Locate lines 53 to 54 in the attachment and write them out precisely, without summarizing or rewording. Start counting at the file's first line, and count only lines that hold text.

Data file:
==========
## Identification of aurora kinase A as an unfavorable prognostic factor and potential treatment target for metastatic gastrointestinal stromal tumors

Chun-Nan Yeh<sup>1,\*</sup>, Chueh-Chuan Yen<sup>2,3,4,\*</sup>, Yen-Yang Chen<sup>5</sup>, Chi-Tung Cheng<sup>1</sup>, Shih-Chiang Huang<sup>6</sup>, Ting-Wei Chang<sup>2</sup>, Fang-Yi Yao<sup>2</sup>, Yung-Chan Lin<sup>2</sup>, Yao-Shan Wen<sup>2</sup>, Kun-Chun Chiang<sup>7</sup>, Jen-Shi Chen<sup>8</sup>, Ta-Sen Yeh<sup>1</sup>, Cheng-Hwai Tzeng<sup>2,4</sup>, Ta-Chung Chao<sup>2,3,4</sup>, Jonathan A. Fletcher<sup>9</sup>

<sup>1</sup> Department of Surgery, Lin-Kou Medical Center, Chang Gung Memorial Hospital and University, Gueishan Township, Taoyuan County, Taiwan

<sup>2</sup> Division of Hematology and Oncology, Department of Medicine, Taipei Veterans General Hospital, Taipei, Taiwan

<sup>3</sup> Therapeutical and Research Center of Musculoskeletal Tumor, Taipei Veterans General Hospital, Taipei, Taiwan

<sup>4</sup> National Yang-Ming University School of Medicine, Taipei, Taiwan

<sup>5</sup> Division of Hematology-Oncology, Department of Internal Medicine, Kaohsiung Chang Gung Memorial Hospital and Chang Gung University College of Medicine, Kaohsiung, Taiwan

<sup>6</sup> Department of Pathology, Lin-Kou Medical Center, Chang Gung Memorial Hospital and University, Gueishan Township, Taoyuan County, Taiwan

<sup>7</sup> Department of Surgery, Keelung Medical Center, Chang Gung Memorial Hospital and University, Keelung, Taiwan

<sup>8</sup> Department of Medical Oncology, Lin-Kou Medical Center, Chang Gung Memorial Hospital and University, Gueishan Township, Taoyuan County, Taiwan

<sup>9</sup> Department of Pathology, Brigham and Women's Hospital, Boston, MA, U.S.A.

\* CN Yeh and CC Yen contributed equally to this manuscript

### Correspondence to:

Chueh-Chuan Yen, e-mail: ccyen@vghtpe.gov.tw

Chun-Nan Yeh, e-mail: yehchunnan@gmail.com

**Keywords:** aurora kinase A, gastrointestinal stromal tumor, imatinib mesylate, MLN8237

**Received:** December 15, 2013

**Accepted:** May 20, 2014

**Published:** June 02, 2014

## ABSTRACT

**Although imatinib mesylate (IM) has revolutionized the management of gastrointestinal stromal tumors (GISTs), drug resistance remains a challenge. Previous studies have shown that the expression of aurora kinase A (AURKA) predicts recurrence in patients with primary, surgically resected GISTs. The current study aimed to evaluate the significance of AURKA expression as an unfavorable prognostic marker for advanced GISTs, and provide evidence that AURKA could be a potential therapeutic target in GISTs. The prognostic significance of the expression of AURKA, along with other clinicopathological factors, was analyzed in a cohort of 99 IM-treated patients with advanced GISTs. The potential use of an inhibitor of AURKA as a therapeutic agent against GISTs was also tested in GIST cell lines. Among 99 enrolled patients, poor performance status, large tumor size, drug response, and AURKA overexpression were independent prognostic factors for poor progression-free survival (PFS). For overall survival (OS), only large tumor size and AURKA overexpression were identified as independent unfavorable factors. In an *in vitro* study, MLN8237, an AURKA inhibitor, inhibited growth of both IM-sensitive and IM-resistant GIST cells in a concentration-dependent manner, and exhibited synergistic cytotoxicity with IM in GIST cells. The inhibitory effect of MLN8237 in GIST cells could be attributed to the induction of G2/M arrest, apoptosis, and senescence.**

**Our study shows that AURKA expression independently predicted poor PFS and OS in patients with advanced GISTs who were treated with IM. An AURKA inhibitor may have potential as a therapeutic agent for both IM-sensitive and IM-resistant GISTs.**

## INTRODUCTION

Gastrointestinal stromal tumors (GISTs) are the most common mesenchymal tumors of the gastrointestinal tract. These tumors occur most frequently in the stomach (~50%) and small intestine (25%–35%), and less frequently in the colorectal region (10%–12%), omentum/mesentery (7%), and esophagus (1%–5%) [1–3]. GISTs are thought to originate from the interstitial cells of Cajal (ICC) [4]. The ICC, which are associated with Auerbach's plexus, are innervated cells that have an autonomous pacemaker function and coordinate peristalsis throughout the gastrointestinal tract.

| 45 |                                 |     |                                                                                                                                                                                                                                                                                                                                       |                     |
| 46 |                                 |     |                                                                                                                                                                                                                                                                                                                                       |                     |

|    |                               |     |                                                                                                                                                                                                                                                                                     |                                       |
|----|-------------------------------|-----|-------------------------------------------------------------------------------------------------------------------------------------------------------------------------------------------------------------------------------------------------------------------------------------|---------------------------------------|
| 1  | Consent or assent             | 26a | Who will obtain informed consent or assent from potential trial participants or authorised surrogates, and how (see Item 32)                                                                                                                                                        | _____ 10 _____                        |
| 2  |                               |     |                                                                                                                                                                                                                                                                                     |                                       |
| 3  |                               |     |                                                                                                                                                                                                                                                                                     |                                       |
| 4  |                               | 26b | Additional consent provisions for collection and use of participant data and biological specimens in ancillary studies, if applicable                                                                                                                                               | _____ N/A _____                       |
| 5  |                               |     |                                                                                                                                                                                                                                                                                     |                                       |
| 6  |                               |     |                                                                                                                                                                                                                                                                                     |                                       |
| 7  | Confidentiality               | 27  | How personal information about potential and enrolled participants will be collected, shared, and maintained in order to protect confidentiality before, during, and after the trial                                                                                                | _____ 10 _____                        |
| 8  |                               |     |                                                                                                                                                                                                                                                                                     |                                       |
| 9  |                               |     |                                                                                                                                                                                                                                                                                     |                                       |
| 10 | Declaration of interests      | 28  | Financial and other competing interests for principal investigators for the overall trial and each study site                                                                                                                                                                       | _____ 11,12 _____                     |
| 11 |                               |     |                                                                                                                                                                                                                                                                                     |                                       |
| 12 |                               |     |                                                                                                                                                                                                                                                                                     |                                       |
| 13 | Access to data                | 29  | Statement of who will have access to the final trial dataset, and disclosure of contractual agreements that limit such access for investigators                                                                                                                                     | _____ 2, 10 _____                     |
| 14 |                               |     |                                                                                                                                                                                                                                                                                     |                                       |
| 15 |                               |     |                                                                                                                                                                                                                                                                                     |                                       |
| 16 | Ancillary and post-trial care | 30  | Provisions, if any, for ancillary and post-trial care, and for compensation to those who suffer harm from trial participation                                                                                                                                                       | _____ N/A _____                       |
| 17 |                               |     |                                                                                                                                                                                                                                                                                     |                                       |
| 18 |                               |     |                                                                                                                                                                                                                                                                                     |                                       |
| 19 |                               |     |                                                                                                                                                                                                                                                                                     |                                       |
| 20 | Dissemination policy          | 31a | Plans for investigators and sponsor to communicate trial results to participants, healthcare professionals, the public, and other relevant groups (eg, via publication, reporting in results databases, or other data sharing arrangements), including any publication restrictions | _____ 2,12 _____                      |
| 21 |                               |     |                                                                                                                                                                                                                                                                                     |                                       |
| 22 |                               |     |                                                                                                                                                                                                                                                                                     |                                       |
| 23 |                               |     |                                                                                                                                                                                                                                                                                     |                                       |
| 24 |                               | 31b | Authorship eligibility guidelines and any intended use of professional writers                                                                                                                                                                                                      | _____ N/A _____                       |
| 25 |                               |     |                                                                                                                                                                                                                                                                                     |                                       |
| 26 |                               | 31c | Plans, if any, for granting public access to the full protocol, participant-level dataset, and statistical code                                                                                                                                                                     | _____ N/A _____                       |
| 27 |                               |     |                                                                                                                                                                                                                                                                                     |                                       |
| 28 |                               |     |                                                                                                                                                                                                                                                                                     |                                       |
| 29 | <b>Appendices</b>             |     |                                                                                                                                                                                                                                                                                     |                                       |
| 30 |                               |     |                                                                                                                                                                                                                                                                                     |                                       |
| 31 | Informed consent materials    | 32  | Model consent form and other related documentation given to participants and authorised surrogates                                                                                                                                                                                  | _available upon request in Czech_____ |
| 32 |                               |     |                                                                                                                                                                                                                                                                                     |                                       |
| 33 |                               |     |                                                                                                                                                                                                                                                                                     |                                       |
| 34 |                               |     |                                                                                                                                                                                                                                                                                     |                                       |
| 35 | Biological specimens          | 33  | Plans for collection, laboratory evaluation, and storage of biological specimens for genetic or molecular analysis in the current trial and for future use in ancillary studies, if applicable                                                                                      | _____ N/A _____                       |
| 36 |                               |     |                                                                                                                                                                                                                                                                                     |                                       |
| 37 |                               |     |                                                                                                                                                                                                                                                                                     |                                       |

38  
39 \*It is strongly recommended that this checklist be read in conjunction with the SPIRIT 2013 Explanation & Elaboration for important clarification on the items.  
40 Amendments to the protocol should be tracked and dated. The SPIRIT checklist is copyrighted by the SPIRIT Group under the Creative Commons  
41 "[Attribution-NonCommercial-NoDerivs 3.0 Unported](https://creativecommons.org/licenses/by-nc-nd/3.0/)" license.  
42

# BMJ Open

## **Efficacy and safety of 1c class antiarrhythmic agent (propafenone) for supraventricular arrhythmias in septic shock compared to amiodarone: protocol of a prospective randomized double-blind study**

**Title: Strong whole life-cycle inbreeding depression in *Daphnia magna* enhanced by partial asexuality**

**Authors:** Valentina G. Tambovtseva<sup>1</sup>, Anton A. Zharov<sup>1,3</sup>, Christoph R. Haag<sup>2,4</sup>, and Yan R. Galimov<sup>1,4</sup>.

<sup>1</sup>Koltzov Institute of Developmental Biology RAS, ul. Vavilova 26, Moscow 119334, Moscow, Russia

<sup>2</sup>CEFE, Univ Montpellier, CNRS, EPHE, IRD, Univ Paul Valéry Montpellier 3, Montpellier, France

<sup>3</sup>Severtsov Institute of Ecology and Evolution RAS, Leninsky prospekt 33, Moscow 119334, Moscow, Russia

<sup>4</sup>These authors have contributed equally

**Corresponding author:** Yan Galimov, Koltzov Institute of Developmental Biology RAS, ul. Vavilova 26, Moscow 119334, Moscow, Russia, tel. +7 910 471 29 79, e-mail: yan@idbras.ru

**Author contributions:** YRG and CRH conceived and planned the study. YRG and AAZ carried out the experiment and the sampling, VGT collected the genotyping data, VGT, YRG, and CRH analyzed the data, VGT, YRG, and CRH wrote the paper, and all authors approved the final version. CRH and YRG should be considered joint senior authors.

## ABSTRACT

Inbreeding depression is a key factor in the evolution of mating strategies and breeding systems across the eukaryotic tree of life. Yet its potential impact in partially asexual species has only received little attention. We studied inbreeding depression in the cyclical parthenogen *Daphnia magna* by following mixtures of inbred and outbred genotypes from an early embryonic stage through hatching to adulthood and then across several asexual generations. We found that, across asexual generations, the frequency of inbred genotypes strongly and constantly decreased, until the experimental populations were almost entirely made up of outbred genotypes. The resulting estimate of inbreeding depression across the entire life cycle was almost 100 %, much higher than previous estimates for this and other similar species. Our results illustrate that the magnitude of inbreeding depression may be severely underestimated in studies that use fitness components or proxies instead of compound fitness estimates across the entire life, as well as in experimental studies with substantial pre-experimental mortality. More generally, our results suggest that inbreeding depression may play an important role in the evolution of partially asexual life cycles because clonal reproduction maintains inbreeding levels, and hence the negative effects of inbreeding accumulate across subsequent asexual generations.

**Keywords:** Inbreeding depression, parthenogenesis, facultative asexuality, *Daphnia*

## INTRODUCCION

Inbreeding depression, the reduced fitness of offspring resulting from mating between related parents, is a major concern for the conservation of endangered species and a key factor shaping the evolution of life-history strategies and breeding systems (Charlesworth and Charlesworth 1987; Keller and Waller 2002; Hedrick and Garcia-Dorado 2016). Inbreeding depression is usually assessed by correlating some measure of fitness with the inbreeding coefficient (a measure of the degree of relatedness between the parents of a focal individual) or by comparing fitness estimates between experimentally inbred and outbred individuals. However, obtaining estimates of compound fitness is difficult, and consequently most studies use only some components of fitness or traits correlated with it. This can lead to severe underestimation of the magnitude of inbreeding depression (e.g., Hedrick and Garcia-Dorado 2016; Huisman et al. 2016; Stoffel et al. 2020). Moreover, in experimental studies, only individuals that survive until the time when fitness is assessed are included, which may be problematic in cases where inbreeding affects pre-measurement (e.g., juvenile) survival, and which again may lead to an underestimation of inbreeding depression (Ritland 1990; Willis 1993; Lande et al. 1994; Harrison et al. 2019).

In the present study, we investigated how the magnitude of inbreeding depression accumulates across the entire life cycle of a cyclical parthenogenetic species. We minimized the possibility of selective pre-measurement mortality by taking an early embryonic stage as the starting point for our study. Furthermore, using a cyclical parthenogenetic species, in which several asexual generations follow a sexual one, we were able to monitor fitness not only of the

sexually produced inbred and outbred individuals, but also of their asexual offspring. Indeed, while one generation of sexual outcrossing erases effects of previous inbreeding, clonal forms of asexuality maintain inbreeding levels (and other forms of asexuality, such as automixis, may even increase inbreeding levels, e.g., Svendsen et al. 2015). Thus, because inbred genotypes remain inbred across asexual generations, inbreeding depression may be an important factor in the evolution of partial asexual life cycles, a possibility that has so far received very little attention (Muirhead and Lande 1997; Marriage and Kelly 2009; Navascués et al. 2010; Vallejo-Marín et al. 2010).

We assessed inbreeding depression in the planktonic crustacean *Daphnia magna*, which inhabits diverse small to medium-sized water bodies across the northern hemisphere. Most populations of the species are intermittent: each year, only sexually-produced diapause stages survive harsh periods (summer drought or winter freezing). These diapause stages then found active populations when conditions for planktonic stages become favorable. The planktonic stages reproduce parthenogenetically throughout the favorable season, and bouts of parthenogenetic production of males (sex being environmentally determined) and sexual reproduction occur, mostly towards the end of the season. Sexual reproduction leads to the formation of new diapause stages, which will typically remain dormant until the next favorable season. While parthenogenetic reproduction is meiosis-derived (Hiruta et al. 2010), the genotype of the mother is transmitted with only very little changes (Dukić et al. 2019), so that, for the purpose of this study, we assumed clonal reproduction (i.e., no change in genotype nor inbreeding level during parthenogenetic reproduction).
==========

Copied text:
| 25 |                               |     |                                                                                                                                                                                                                                                                                     |                                       |
| 26 |                               | 31c | Plans, if any, for granting public access to the full protocol, participant-level dataset, and statistical code                                                                                                                                                                     | _____ N/A _____                       |